Sometimes a moose in the kitchen is just a moose in the kitchen
By way of prologue, I took an online ADD/ADHA test this week, for which, unfortunately, I can no longer find the link. There are many tests out there, all with the same questions, but the one I took actually ranked you along the spectrum.
The questions interested me because they highlighted details I had before never put together. “Do you startle easily?” Oh yeah. Ask anyone who’s ever put his or her hand cordially on my shoulder from behind and been reflexively punched. There was a question about disturbance by light and sound in the environment. That very day I’d been at a friend’s house, asking her to turn on more lights, turn down the message beeper on her answering machine, unplug things that were humming, &c. She’s an indulgent hostess who was oblivious to these things, which to me were extremely invasive, hostile presences. But I answered “No” to many questions, too–I’ve never been in trouble with the law or had problems with destructive compulsive behaviors. And, in fact, I’m hypervigilant and compulsively organized to compensate for the waves of inattention I experience. I’m either fully engaged or fully absent. It isn’t easy having chronic fatigue and an inability to sit still very long. But I thought I’d score low to moderate. In fact, I was ranked at the high end of the spectrum, with the notation that I manifest ADD mostly in social settings. This would probably not surprise anyone who knows me.
I have Addison’s disease, and noting it was time for my thyroid and cortisol levels to be checked, I dutifully reported for lab duty this week in typical ADD fashion. When you’re ADD, you see, you’re the only one who sees the emergency in everything; only you perceive the cascading avalanche of doom overhead. You have no idea why no one else gets it, but they just don’t.
I had to initiate the call to remind my doctor’s office it was time for my blood test. Yes, they agreed. Yes, past due. My doctor is recovering from a recent health emergency of his own, and everything is operating by slow relay in an already efficiency-challenged office. I am not the only one who sees this.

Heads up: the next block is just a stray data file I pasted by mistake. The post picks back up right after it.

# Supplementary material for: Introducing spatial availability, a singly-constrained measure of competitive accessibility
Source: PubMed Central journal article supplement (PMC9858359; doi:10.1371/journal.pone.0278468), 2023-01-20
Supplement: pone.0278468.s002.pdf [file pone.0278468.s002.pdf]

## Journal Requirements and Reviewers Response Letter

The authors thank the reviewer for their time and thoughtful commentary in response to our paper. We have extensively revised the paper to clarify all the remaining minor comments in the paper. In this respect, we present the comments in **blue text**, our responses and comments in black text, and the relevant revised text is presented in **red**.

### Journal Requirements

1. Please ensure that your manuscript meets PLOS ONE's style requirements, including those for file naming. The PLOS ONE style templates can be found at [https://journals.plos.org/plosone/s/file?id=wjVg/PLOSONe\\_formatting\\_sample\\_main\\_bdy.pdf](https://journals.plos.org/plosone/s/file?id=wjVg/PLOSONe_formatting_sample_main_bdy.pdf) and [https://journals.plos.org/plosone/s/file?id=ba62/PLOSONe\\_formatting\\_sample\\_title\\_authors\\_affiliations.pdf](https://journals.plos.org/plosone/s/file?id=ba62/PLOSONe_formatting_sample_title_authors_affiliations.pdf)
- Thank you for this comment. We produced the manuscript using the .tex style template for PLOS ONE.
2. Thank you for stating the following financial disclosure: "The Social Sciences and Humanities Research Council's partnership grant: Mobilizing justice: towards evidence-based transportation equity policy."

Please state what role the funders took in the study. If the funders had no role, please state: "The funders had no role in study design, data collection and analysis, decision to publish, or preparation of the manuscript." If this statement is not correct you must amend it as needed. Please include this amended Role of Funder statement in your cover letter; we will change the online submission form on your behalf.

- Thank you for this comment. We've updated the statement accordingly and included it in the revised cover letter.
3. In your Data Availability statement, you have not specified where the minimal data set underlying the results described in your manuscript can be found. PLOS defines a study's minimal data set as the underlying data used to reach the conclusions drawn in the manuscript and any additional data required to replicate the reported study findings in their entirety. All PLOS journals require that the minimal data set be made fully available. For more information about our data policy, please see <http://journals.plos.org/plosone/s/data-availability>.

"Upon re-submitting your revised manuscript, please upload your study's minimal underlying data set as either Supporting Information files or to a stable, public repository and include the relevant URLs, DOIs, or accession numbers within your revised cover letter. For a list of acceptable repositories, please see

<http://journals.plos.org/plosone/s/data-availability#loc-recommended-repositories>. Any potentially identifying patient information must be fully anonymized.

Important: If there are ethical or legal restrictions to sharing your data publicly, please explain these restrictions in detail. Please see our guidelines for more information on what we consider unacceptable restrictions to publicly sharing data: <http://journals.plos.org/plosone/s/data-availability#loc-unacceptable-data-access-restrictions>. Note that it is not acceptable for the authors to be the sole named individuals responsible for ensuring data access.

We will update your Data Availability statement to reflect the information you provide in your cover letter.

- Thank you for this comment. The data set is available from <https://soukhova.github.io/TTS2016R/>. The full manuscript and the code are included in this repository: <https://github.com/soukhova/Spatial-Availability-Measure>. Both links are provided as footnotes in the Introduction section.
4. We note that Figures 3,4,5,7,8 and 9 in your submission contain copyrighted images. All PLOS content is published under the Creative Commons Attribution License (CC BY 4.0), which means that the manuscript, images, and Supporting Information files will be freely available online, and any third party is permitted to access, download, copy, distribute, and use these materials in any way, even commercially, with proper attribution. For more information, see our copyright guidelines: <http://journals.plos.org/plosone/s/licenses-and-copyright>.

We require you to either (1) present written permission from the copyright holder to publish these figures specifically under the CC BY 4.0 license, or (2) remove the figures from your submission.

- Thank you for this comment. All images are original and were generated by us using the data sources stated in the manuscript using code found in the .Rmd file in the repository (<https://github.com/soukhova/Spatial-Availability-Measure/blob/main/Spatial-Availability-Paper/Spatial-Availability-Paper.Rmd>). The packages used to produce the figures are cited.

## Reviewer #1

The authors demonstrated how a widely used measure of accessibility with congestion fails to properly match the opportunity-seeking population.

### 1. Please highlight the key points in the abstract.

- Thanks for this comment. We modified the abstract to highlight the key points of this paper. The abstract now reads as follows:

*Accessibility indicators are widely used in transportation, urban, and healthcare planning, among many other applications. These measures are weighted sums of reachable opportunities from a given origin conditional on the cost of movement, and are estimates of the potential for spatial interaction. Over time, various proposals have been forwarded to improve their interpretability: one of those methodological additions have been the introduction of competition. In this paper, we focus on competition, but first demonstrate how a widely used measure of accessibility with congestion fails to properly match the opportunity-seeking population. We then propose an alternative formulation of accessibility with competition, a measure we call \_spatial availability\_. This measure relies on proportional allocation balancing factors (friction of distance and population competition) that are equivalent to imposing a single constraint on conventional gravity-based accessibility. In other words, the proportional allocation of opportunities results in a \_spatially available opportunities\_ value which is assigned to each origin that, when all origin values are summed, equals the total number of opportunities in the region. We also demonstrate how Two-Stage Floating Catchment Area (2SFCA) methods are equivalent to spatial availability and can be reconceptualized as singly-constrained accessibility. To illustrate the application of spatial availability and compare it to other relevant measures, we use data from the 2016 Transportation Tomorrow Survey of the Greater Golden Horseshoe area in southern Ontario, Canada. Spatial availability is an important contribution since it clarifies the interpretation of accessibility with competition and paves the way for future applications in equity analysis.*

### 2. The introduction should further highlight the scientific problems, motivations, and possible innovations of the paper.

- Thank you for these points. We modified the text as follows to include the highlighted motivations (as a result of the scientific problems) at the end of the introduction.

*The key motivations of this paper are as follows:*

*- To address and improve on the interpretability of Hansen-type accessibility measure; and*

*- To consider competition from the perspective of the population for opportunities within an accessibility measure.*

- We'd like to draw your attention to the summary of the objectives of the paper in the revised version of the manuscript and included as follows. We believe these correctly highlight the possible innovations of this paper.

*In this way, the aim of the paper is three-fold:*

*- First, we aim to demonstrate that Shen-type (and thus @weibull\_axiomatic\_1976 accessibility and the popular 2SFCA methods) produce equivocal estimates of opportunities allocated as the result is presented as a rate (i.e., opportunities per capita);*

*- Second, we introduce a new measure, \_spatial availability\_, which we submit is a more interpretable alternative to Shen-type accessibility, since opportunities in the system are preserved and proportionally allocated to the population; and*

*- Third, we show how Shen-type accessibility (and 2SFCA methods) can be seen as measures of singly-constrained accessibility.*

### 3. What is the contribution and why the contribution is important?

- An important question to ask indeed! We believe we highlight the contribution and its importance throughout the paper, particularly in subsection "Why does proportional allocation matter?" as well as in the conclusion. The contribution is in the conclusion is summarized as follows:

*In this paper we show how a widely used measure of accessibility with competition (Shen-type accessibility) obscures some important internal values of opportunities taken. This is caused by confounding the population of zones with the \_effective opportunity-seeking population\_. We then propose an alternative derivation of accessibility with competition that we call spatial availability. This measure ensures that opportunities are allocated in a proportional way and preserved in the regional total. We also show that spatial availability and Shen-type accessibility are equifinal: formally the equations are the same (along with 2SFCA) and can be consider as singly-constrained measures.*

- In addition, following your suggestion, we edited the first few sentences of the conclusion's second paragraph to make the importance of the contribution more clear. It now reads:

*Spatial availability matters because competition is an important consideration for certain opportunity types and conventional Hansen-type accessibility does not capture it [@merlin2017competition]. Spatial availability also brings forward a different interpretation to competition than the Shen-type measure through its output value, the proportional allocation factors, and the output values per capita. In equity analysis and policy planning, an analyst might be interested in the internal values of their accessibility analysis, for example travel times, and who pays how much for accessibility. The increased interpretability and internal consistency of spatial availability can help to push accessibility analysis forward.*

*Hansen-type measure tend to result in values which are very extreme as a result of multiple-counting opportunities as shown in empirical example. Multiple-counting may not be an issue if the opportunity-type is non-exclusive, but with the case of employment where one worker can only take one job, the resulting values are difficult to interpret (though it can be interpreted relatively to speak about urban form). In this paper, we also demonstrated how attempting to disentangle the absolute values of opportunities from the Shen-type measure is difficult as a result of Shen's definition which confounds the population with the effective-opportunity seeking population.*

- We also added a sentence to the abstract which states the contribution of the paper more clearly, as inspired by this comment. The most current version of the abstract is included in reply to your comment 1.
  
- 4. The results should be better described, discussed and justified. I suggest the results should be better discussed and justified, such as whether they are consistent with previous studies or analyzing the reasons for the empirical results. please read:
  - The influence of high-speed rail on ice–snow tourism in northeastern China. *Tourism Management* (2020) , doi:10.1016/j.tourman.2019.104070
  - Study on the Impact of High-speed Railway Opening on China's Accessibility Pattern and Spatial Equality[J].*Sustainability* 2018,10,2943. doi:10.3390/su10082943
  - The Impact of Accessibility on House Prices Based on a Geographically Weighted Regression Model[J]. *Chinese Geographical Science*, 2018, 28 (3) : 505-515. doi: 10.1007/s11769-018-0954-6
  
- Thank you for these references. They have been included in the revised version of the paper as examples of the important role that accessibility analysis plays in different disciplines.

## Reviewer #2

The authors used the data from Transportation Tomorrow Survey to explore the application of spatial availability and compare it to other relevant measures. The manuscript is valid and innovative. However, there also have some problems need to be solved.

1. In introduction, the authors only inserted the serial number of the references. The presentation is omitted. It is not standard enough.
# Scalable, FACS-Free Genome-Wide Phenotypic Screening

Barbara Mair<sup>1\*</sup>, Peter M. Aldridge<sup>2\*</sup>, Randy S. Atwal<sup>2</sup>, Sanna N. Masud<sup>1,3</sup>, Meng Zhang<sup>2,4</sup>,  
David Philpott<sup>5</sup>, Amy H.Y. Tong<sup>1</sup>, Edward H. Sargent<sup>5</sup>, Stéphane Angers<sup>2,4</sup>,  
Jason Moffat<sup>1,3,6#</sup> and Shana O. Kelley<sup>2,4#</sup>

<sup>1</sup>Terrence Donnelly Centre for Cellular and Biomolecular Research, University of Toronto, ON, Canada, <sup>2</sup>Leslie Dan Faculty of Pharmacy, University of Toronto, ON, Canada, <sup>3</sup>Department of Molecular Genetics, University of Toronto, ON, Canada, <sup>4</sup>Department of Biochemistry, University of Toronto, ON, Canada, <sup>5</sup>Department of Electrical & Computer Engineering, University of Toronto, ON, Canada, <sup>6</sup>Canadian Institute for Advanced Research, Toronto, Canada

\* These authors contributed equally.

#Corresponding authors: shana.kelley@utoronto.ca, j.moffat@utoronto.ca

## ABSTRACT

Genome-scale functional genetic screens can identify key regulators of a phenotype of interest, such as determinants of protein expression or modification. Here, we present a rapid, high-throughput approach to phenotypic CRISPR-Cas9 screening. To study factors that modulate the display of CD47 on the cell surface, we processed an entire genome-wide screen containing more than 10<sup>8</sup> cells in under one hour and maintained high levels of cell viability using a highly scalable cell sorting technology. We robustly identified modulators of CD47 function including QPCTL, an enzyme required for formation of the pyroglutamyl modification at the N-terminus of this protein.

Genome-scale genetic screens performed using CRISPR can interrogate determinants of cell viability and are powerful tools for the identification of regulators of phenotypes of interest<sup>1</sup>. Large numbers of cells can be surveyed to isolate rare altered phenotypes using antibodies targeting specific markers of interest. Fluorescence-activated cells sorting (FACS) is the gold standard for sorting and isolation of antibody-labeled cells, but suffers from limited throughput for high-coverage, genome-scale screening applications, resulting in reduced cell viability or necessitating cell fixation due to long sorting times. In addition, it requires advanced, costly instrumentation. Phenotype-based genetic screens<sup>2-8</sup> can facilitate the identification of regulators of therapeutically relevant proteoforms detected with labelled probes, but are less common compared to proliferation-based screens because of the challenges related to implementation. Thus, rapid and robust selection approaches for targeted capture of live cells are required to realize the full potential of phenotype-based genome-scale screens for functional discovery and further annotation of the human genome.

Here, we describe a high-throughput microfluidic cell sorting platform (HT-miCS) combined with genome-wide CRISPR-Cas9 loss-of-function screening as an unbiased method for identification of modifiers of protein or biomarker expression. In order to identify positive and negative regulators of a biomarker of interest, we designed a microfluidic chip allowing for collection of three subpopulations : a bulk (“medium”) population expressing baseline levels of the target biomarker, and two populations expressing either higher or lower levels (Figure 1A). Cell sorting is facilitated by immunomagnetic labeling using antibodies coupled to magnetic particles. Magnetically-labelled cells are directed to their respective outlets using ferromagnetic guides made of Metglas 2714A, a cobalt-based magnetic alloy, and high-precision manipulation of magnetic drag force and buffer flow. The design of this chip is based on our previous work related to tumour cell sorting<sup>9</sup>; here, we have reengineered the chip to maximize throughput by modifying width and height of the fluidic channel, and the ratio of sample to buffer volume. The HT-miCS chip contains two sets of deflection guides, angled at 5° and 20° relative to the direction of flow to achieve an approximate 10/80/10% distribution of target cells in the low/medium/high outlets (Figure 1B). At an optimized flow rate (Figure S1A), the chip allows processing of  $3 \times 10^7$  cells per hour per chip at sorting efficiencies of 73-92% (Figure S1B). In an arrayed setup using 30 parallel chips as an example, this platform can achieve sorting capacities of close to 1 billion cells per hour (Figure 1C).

Then, no one called me with the lab results. Ever the proactive patient, I called my doctor’s back-up doctor and the lab, had the results faxed to him, and his office called me back. My blood was pronounced perfect. The previous observation of an overcharged thyroid is hereby retracted. The fact that I have several symptoms consistent with a moribund thyroid is uninteresting but something I should take up with my endocrinologist when he returns fit for duty. For now, I am safely Addison’s-only and regulating well on my hydrocortisone. Emergency belayed. Happy holidays.
My doctor recently promoted me to a normal human subsistence dose of hydrocortisone, and I am not having any side effects. The start low, go slow protocol was a good waystation, even if it meant I was underfunctioning for a month. But the past month was nothing like the previous months before diagnosis and treatment. Overall, I have improved significantly.
Improvement notwithstanding, I remain tired, my chest feels compressed much of the time, especially if I’m the least bit cold, and sometimes I wheeze under slight exertion. My heart is perfect, as was my chest X-ray. If I need extra energy to meet any sort of non-routine challenge, I don’t have it. But the ADD personality isn’t quelched by lack of energy: I remain hypervigilant to challenges that can’t be met and, realistically, for the most part, don’t need to be.
I really believe humor is the best medicine God has provided for his intractable people. I am blessed that so many sources of humor are providentially placed in my environment with faithful regularity. My Cat is more ADD than I am, and his antics when he is in high gear, chasing and eluding Enemies, make me laugh. He races down the length of the house, ears back, eyes wide, turning in mid-air, racing back, slamming the little entry rug in a heap into the wall. Then he leaps from chair to chair before deciding where he will nap until the next assault. Sometimes he just sits atop one of his high places, ears back, looking like a great horned owl, scowling down on his domain.
This morning, one of our hens was screeching. It was horrible–I was afraid my neighbor would come over thinking I was killing her and ask for a few choice parts. I looked out, and the hen had managed to fly over the gate that encloses our deck, but she couldn’t remember how to fly out again. I opened the gate and she trotted out, still screaming indignantly. If my neighbor had shown up, I planned to align her sympathies for the hen by claiming hormone flux.
Like the hen on the deck, I’m fine, I’m safe, I’m not really trapped, but my system is simply calibrated to emergency mode. I tell you, there’s a moose in the kitchen! Maybe there is, but he’ll find his way out.